The Case for the IRS Targeting the Tea Party

It seemed to come as a great shock when it was recently revealed that the Internal Revenue Service (IRS) examines some taxpayers more closely than others.

Really? Because no one has ever objected to the IRS targeting some tax returns for audit. Among them:

  • Millionaires (in fiscal 2011, the IRS audited 12.5% of them)
  • People reporting more than $200,000 in income
  • People claiming confusing tax breaks like the first-time homebuyer credit
  • Home office workers
  • Small business and self-employed people generally
  • Very low income filers who claim the Earned Income Tax Credit (EITC)
I’m not saying the IRS should target according to ideology. I’m saying it should target according to likelihood that tax laws are being flouted and circumvented.

So why, in the wild west of the first election years since the Supreme Court’s Citizens United ruling allowing political action groups, many with questionable funding, to mushroom and proliferate…why should anyone be surprised the IRS would exercise scrutiny on these here today, gone tomorrow groups? Why, in fact, would they not demand that the IRS do precisely that before granting tax-exempt status to whoever applies for it?

And why not specifically take a hard, cold look at tea party groups?

For one thing, there were more of them. The tea party spent buckets in 2012 to hang on to the gains they made in the U.S. House in 2010, even though they lost ground. GOP/Tea Congressional candidates received nearly $6.2 million in the 2012 elections while Democrats raised less than $4.9.

The other reason to look closely at tea party groups is that in their short history, they have demonstrated both a disdain for tax laws and a willingness to color outside the lines.

Let’s start with one local (for me) example. Richard Willich first made a name for himself as one of the early tea party zealots, back when they embraced the label, “tea baggers” for its wit and for showing that they were the modern day descendants of the Boston Tea Party organizers, who staged a rebellion against paying taxes.

In 2009, Willich, the CEO of a business called MDI Holdings and chair of the Florida arm of the tea party group Americans for Prosperity, announced a “leaded tea party” to be held on his company’s grounds to celebrate Labor Day. Patriots would bring the kids, their guns, some meat for grilling, and have a real good time shooting things up. What could go wrong?

Local law enforcement could think of a few things, and tried to contact Willich about discharging firearms outside a gun range and near high-dollar homes. Willich ordered his private security guards to eject any government representatives who came calling but, just as it looked like things were going to go all David Koresh Waco, he backed down.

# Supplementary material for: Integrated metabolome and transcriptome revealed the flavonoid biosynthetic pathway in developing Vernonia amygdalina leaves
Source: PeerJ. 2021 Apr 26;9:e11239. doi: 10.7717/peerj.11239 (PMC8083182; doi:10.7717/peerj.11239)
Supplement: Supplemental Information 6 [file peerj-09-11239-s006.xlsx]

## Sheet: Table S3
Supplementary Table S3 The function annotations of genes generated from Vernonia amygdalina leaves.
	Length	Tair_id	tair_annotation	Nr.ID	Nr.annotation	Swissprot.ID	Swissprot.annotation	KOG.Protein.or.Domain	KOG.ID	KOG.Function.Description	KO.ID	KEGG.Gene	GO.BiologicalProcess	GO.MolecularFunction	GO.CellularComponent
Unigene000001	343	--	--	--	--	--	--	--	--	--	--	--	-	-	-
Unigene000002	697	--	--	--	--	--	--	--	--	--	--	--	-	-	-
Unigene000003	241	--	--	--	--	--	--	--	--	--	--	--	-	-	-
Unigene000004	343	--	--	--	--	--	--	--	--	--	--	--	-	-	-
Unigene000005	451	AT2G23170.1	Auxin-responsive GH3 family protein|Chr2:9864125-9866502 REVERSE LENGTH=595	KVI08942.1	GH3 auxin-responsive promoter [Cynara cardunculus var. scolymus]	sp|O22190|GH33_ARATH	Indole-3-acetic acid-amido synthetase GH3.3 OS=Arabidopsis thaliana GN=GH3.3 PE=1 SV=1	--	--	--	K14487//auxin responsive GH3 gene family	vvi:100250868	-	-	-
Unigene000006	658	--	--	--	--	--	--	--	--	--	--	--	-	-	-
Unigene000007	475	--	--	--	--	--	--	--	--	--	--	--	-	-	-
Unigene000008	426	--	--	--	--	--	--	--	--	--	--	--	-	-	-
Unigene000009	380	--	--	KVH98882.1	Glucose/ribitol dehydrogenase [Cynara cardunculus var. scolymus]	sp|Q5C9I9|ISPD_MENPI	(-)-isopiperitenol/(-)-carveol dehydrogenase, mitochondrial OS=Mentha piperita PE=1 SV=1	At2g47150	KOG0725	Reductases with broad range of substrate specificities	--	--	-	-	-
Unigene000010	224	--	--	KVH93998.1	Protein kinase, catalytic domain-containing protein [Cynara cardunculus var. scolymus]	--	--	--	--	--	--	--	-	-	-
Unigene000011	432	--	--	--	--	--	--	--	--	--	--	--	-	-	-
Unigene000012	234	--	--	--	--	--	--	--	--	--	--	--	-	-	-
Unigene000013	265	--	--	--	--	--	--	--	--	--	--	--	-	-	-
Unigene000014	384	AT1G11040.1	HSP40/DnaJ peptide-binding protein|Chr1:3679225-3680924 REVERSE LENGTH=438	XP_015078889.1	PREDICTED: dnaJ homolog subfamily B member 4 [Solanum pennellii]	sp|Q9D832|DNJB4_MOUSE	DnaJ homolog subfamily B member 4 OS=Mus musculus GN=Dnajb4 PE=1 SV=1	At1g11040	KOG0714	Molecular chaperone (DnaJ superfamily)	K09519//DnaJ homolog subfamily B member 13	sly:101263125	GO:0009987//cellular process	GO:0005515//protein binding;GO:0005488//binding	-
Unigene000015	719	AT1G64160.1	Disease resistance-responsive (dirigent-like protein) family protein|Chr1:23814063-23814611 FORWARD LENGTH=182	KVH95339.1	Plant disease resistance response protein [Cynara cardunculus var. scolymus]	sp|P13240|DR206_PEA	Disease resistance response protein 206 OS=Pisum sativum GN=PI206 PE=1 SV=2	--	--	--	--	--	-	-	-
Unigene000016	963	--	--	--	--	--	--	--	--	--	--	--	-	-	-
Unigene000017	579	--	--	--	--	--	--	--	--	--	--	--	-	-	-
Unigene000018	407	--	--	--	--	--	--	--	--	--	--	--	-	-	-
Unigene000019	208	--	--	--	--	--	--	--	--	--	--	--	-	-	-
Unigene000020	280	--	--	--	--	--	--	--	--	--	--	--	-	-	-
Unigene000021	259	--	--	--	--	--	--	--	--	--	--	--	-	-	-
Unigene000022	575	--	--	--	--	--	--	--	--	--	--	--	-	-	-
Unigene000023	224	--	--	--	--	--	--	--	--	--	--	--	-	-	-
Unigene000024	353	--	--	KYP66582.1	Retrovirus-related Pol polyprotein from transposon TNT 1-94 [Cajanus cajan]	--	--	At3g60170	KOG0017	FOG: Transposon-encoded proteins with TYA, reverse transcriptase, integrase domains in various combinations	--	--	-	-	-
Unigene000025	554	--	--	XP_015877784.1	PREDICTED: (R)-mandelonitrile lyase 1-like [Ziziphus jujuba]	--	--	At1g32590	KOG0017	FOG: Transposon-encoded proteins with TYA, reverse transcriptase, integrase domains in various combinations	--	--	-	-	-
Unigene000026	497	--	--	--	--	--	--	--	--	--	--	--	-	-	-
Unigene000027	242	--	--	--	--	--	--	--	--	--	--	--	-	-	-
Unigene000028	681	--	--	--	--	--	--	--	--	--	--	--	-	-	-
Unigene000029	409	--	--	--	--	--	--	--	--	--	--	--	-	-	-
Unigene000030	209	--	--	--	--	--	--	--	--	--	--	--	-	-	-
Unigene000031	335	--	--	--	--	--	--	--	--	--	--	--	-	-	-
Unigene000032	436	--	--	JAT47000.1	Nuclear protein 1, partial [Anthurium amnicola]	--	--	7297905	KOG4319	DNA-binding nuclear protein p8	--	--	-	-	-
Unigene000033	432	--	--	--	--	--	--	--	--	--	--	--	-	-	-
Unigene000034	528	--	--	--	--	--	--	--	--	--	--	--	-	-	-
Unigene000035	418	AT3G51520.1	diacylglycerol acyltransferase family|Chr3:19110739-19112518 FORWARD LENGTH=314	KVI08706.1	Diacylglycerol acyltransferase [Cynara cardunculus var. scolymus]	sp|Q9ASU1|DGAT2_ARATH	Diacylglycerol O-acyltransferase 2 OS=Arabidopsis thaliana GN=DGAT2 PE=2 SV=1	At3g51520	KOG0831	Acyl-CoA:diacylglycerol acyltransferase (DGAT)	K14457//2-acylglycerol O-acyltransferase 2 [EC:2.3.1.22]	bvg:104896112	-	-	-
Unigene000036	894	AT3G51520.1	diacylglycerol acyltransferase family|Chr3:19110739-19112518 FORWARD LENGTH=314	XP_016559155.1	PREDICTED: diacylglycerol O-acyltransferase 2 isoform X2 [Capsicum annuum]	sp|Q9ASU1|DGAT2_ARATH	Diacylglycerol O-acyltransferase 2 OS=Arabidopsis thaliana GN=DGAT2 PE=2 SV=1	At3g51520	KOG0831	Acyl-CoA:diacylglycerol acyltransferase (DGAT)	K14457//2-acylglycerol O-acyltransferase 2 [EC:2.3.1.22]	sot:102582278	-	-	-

Fast forward to 2012, when Willich, who has spent the intervening years making lavish and very public donations to school groups, was sued by Wells Fargo. The bank said the company welched on at least $30 million loaned to MDI and on which they said its CEO was living large.

Willich used loans to buy a 2010 Tesla Roadster, a high-end electric vehicle, according to court documents. Wells Fargo also claims Willich loaned himself $4.9 million for his farm and more than $300,000 for a biography and screenplay about his life.

There’s much more, including deals that MDI made as a government contractor (Yes! This is who gets the money when Republicans privatize) to provide prison health care that left North Carolina’s Duke University Health System on the hook for $8.3 million, and suits and counter-suits, but the point is…why should the IRS not be looking very hard at the Richard Williches of the world?

Why not go over the financial dealings of Rep. Michele Bachmann, founding chair of Congress’s Tea Party Caucus, who might have used 2012 election contributions to her campaign and to her tea party causes as her own personal ATM?

Why not look at Sheldon Adelson, who spent at least $53 million in the 2012 election cycle on rightwing candidates and causes, and whose Sands casino is being investigated for money laundering?

I’m not saying the IRS should target according to ideology. I’m saying it should target according to likelihood that tax laws are being flouted and circumvented. If that means that tea party groups float to the top of the audit pile, so be it.

One Response »

  1. CatBallou May 17, 2013 @ 3:01 pm

    I know this, you know this. Groups that have expressed their scorn for current tax law SHOULD have their tax status scrutinized!
    Why doesn’t the administration recognize this? If only Obama had come out with AT LEAST a wait-and-see attitude, instead of reflexively apologizing. “Knee-jerk liberal” used to mean that you always felt sorry for the downtrodden and victimized. Now it just means that you always apologize.

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